•Wherefore, holy brethren, partakers of the heavenly calling, consider the Apostle and High Priest of our profession, Christ Jesus.'

Heb. iii. 1.

We come now to a very important part of our work; the consideration of a title which throws the mind back to the dispensation of rites and ceremonies, when the good things of the kingdom were shadowed forth by emblems.

We must apprize the reader that we cannot possibly go into all the various particulars connected with this title; for a little reflection must convince any one that a comparison is involved, not only between the Jewish high priest and Jesus, but between different priesthoods; their nature and design; and between the law and the gospel. Indeed, the two dispensations seem to have met in Jesus.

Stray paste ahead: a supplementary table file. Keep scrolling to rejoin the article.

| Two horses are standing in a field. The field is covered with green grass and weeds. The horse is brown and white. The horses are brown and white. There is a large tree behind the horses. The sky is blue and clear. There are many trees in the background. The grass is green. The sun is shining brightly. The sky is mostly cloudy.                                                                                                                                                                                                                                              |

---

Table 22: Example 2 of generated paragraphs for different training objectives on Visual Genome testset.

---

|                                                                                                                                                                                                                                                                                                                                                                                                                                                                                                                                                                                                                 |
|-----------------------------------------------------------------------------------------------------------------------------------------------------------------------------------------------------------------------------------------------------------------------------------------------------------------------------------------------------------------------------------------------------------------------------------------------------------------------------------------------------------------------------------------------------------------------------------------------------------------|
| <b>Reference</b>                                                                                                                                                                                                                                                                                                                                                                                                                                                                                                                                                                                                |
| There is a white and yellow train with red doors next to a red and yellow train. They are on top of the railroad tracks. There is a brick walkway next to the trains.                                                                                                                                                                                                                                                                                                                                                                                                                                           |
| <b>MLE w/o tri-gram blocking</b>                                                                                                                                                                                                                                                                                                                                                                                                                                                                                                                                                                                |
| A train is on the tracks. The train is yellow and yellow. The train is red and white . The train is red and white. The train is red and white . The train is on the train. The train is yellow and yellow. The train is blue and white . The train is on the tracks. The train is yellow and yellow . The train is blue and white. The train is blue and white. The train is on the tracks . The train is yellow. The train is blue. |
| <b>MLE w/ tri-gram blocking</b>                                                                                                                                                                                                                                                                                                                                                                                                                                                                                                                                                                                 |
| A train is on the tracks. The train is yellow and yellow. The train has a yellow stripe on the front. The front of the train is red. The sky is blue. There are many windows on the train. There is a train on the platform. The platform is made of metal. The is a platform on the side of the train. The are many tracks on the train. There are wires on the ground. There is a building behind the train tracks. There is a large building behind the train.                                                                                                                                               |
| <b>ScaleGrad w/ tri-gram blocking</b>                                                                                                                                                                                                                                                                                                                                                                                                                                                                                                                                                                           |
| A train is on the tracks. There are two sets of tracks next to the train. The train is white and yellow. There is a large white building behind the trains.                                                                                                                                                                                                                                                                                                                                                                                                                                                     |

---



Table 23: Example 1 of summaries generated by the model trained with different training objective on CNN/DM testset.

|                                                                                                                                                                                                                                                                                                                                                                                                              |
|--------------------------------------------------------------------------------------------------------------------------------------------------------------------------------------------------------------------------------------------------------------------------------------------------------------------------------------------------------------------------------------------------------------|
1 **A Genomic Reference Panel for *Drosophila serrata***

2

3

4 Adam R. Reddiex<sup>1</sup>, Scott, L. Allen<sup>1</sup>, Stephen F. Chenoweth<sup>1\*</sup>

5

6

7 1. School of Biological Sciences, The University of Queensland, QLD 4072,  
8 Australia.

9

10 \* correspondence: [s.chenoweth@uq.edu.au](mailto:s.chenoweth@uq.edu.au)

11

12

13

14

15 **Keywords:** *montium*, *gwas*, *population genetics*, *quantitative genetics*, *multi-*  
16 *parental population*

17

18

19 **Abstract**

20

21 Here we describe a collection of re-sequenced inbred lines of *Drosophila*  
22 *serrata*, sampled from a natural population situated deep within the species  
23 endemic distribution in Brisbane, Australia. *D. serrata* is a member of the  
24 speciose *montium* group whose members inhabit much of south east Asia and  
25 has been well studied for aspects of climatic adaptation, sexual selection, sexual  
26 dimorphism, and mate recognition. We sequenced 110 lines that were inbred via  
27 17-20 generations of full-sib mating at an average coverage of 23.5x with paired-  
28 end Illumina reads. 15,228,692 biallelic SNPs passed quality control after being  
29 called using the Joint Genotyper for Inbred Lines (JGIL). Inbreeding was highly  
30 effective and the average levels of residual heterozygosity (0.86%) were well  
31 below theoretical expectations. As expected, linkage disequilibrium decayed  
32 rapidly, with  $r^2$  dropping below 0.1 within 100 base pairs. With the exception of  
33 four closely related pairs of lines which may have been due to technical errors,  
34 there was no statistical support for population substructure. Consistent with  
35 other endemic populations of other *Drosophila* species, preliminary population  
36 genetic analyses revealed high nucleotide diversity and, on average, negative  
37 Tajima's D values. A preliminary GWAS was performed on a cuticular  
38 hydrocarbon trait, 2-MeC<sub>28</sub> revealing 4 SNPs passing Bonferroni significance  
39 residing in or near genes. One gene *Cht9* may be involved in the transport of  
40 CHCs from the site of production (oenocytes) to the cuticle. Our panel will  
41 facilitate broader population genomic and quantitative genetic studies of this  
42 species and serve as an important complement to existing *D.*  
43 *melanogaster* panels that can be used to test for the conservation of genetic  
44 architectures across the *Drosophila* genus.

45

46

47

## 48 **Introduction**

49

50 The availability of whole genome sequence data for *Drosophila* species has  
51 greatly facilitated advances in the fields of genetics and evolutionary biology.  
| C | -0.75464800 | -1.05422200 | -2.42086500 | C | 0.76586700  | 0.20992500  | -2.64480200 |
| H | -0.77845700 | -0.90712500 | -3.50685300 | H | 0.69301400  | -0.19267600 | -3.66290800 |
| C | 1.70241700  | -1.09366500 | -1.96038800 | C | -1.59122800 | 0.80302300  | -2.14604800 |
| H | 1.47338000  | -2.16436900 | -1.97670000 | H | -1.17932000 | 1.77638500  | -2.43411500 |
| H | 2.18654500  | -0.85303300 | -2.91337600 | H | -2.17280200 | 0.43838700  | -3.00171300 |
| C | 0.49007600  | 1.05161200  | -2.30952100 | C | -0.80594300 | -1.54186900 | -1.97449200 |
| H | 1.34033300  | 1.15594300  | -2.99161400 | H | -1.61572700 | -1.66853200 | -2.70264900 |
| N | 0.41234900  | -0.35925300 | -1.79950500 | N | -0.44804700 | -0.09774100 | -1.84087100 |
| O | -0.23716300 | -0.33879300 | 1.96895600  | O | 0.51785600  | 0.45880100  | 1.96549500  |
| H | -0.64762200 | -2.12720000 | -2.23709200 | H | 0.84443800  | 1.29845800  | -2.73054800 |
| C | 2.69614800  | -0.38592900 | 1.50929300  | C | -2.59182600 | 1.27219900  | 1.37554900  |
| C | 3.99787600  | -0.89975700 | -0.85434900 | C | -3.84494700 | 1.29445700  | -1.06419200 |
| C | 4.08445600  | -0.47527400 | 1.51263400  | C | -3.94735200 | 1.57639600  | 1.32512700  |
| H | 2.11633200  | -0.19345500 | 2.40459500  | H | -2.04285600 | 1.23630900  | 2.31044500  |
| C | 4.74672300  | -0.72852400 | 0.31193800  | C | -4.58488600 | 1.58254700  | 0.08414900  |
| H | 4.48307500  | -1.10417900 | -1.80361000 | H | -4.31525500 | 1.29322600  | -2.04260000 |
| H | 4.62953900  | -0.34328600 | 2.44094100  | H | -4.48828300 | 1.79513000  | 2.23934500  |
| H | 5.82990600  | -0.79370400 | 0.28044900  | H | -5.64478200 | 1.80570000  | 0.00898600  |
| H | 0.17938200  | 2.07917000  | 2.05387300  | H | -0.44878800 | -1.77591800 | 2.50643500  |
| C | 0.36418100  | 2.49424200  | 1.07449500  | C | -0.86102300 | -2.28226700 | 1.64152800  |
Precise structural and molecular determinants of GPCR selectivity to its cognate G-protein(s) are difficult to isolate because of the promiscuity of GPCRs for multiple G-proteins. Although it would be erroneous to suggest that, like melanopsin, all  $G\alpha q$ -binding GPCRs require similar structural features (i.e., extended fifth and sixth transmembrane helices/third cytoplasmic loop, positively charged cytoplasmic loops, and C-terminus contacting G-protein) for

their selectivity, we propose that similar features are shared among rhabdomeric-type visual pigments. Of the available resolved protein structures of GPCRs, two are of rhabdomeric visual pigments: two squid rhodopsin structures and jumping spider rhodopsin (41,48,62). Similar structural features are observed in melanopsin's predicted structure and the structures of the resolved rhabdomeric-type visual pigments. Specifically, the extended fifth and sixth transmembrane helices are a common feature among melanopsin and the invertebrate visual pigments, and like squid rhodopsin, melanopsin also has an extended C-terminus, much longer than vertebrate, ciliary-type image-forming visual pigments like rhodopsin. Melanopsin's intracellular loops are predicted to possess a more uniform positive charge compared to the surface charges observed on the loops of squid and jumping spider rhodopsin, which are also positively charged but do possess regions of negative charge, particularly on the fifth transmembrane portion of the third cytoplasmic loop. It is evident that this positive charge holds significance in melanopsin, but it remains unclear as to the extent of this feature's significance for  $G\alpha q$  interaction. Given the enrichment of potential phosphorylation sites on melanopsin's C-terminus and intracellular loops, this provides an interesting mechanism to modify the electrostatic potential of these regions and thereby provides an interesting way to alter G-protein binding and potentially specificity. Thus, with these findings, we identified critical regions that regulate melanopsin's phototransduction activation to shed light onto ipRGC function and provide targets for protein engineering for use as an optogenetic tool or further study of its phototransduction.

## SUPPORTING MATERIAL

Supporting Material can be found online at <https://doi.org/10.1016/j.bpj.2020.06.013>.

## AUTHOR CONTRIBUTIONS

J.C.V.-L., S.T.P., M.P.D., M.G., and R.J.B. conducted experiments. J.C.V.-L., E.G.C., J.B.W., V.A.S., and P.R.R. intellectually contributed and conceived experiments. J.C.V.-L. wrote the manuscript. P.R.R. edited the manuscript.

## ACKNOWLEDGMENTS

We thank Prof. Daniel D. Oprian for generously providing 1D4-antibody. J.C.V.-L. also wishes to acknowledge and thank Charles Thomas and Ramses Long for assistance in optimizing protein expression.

"You behold,' says an elegant author, 'the Law and the Prophets standing, if we may speak so, at the foot of the cross and doing homage. You behold Moses and Aaron bearing the ark of the covenant; David and Elijah presenting the oracle of testimony. You behold all the priests and sacrifices, all the rites and ordinances, all the types and symbols, assembled together to receive their consummation.'

This appellative occurs in forty-two instances, but is only applied to Jesus in the epistle to the Hebrews